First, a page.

Make it very clear that you own your new media project

For all of you current or incipient new media producers, writers, directors, etc out there, let me offer the first rule of new media.

Be very clear from the start that you, and you alone own your project.

I know, it might seem obvious that you own it, but as your project continues there will be those who think, even demand, that they own all or part of it. It is becoming a common occurrence in new media, just as it was in traditional media. Common enough that I was compelled to write this post.

Typically, the scenario plays out like this…

You get a great idea and start to develop a project. As your project starts to gain steam people, both friends and strangers, will start to offer their help. They might offer editing for a video show or “free” studio time for an audio podcast. They might offer to write sketches or bumpers or essays or music.

Soon, your project starts to garner some attention. Perhaps the press does a small story on your show or a traditional media producer comes calling. The is where the troubles begin.

It is very important to remember that success changes everything. Money changes things even more. Once either of these two things start to appear, people will change, too. People who freely offered their time or space will start to feel possessive of the project. They will want a say in any deal-making, try to control the content of the project or even try to do deals of their own without consulting you at all. With enough effort, they could take your project away from you.

Welcome to the world of a successful new media producer.

How do you protect yourself against having to face these ownership issues? Get it all in writing, from the very start. I don’t care if you think you are just doing something for fun. Many fun things quickly turn into a business. Above all, make it very clear that anyone who does work for you, whether writing, acting, editing, is working FOR you. At no time should they assume any percentage participation in the project. Sure, this might be something you negotiate later, but they don’t need to know that. Do yourself a favor and never, ever even mention that they might own part of the show. You want no misunderstandings and now is the time to make that very clear. They are “helping you out”, “working with you”, “working for you”, but they are not co-creators, co-writers, or co-owners.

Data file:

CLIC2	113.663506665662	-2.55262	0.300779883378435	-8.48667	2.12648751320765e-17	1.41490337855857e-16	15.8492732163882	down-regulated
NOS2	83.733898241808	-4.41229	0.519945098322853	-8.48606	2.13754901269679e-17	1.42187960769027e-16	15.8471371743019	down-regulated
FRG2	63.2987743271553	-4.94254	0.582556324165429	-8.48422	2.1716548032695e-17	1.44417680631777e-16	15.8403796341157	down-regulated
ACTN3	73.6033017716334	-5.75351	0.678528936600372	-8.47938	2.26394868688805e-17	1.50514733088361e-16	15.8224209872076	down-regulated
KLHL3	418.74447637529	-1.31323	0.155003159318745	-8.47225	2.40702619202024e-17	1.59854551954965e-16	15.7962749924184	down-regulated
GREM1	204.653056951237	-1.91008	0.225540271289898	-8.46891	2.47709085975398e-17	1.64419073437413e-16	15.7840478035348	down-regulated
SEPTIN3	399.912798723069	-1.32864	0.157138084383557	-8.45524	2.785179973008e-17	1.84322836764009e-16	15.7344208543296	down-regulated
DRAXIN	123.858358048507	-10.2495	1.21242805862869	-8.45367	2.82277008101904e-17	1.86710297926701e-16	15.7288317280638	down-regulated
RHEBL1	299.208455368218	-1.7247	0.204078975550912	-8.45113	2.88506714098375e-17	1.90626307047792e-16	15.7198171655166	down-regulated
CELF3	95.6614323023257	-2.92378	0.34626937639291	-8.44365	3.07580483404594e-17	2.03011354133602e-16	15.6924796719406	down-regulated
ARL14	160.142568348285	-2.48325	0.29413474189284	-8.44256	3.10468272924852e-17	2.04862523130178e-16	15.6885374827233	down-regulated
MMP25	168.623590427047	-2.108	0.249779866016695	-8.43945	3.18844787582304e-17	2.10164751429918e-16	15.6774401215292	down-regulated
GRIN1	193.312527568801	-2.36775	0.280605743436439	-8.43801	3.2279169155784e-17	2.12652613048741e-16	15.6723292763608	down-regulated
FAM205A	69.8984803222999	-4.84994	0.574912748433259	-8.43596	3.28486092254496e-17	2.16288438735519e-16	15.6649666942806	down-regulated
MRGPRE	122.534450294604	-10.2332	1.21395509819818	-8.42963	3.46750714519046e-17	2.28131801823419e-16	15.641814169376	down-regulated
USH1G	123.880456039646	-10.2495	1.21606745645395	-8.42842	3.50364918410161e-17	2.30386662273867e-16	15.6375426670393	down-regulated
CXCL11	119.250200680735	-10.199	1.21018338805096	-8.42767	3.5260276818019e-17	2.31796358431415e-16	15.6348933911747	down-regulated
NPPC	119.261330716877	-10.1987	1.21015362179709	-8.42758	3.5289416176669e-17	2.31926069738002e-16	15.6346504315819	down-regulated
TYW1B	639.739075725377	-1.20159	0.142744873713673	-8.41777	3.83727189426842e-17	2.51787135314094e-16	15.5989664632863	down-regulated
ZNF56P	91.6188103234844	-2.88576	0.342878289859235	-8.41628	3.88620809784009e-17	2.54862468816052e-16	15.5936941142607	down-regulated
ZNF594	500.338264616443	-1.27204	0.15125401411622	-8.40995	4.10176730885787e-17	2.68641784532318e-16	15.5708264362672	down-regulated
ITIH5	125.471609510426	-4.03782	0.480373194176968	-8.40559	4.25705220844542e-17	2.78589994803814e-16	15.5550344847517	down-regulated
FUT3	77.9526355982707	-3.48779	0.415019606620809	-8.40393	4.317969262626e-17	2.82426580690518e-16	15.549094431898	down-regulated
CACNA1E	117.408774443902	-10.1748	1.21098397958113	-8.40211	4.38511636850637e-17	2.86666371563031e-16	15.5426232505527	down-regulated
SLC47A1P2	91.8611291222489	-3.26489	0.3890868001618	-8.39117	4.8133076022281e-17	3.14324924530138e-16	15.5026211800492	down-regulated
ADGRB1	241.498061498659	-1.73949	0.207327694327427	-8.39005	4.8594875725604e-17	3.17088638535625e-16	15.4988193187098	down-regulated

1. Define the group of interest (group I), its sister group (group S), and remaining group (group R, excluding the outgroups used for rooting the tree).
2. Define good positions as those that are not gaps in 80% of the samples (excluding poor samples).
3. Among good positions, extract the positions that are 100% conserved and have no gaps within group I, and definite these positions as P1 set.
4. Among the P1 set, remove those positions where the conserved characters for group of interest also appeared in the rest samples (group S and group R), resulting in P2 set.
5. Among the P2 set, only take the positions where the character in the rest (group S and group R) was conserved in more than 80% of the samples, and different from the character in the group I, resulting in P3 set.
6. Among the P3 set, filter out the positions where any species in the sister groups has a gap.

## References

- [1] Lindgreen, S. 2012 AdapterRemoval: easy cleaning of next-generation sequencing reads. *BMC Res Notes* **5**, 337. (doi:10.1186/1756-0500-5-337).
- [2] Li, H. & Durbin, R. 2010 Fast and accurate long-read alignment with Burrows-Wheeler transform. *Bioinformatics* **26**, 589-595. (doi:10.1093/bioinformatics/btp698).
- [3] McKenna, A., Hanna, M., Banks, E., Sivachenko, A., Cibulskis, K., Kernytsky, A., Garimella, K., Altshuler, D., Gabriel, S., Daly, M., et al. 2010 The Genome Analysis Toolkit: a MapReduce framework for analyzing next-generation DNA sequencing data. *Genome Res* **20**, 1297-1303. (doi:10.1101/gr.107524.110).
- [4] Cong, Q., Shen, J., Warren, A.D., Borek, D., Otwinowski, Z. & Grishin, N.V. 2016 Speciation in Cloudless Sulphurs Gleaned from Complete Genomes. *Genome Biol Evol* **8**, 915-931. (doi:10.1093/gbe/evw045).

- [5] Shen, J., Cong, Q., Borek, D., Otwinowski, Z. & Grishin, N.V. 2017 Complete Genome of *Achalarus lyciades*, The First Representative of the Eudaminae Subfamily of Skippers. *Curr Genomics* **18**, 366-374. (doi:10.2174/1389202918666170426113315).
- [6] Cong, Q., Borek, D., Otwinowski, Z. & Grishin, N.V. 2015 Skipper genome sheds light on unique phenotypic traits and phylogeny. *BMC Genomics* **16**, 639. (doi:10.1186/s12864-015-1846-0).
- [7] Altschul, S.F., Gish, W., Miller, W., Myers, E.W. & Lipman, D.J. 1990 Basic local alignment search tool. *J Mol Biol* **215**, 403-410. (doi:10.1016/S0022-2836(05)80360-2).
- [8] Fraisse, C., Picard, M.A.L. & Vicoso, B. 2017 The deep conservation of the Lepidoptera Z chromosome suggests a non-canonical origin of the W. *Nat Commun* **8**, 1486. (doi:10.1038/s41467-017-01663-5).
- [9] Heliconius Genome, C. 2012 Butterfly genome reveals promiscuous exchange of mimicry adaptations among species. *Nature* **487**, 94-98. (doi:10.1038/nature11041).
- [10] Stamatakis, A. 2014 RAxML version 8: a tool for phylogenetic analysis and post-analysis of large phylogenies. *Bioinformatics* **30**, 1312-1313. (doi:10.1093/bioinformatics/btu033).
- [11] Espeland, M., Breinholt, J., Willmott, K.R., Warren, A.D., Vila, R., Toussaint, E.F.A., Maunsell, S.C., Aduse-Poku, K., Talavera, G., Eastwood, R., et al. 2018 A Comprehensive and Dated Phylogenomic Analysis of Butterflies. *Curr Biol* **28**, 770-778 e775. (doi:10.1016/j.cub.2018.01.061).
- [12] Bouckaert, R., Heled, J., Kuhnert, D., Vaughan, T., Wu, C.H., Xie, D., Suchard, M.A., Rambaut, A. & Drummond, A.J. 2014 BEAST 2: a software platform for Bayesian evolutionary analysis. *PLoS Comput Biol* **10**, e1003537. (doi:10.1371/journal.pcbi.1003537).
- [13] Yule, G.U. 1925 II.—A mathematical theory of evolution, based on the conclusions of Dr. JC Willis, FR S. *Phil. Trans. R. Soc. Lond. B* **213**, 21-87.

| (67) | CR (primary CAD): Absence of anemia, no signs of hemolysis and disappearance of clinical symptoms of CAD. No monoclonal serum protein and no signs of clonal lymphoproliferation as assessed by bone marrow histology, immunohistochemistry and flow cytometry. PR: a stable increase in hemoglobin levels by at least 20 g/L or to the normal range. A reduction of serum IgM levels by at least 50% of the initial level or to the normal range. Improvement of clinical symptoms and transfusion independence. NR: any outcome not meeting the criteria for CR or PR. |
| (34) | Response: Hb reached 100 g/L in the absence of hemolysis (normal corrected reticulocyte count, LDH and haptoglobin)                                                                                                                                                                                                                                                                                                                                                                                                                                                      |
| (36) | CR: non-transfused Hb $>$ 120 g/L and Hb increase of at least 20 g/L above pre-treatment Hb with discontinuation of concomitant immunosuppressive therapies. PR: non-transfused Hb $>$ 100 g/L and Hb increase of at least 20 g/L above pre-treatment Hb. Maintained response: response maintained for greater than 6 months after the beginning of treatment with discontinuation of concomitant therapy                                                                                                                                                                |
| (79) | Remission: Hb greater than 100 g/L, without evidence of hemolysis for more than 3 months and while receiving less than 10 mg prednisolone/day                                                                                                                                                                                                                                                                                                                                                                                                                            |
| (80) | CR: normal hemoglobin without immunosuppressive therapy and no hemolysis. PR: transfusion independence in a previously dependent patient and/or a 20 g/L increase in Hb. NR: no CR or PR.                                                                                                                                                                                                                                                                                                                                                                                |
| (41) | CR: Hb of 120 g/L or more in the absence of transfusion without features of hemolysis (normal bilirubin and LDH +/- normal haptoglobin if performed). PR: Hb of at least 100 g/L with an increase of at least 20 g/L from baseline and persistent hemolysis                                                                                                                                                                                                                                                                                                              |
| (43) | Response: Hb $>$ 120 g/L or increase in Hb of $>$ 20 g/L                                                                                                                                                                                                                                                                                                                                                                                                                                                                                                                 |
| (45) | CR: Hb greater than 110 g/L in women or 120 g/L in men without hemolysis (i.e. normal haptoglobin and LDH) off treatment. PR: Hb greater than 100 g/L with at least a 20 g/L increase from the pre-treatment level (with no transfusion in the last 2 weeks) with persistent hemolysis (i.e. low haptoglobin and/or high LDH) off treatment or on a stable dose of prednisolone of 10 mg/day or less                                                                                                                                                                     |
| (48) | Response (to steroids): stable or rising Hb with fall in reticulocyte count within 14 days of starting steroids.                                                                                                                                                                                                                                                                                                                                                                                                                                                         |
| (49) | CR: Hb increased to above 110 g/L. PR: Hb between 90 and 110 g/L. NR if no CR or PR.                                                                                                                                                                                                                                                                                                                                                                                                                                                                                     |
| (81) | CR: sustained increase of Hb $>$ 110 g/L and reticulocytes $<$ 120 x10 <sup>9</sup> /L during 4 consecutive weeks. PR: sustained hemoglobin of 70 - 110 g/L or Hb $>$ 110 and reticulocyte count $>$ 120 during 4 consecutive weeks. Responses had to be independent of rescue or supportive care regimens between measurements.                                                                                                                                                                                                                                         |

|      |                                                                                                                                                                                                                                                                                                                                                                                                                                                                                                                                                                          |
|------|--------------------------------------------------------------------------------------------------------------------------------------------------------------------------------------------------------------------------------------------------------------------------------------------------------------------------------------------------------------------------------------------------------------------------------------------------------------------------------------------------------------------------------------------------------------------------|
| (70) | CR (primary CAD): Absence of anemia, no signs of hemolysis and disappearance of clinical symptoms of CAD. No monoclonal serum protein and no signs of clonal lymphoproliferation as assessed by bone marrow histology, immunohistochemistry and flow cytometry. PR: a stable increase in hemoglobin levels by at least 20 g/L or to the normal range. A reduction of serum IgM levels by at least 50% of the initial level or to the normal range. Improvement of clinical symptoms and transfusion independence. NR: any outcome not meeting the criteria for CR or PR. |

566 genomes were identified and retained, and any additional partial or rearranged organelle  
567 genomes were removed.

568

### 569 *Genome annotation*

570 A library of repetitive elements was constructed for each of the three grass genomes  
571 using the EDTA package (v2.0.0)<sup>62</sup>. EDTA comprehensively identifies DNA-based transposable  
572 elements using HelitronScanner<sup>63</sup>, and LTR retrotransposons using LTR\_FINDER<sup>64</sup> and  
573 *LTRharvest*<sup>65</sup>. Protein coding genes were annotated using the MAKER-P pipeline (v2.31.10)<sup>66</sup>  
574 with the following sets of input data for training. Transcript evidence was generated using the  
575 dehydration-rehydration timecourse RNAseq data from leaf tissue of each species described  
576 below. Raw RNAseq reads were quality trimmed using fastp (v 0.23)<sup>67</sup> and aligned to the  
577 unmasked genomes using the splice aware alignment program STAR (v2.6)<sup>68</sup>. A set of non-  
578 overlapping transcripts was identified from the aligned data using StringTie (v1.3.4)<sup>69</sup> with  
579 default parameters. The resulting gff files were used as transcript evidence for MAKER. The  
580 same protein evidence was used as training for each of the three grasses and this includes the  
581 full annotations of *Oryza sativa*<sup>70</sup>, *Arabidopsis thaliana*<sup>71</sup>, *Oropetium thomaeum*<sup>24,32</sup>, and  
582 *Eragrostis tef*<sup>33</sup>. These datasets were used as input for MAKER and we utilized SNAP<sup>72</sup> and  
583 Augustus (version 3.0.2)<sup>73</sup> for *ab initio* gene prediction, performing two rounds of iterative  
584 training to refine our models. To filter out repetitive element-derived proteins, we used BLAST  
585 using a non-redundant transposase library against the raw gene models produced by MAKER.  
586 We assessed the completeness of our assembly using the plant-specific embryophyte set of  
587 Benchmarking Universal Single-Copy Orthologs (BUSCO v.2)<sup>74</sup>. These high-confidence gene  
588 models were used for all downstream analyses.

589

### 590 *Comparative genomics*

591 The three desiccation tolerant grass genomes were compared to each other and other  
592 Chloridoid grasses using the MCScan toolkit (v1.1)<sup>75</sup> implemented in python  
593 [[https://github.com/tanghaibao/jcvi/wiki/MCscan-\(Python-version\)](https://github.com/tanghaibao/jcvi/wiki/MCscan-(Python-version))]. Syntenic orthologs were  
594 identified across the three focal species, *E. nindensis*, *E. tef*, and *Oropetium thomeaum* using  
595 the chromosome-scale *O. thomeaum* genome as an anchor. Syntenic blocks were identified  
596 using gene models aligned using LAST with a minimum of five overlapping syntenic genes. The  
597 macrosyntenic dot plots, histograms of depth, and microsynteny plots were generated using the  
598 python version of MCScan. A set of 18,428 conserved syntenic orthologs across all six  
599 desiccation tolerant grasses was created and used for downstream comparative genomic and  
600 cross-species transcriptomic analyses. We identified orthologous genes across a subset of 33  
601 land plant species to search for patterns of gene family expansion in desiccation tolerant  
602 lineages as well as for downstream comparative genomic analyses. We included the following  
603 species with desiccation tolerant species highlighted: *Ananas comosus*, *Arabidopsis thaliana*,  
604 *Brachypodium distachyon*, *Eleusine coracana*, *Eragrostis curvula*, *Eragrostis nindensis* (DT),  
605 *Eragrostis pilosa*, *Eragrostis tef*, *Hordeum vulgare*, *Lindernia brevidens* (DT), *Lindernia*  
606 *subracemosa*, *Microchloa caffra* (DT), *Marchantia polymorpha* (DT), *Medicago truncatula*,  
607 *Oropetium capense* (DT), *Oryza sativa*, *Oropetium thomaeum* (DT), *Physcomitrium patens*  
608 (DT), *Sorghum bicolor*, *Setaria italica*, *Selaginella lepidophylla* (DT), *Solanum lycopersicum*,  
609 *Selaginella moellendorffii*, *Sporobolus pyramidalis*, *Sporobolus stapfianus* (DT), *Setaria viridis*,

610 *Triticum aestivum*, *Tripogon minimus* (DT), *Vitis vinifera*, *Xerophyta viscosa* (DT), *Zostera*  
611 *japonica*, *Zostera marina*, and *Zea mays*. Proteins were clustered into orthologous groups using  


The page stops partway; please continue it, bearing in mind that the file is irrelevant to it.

If they are volunteering their work, be very clear that, while you would love to hire them full time if and when the show starts to make money, there is no guarantee that will ever happen. The fact is, if you sell your show, the company who buys it will have final say over anyone who works in it, not you. So don’t offer anything you can’t assuredly provide.

The trouble is, in new media, just like in traditional media, there are plenty of people willing, nay hoping, to ride your coattails and turn your project into their ticket to success. Certainly everyone you meet will not be thinking this way, but here in Los Angeles, it can be a very common attitude. You only need to read the daily entertainment journals and the tabloids to find evidence of that, witnessed by the current lawsuit against Survivor producer Mark Burnett. By making clear your relationship and their relationship to the show or project, you can quickly short circuit these attempts.

In the end, I would even go so far as putting any understanding in writing and having it signed and notarized. It might seem silly when you are just a couple of buds “putting on a show”, but I can guarantee you that when money enters into the equation, you will be glad you did.

Remember, success and money changes everything. Don’t be fighting a battle over ownership, when you should be enjoying your success.

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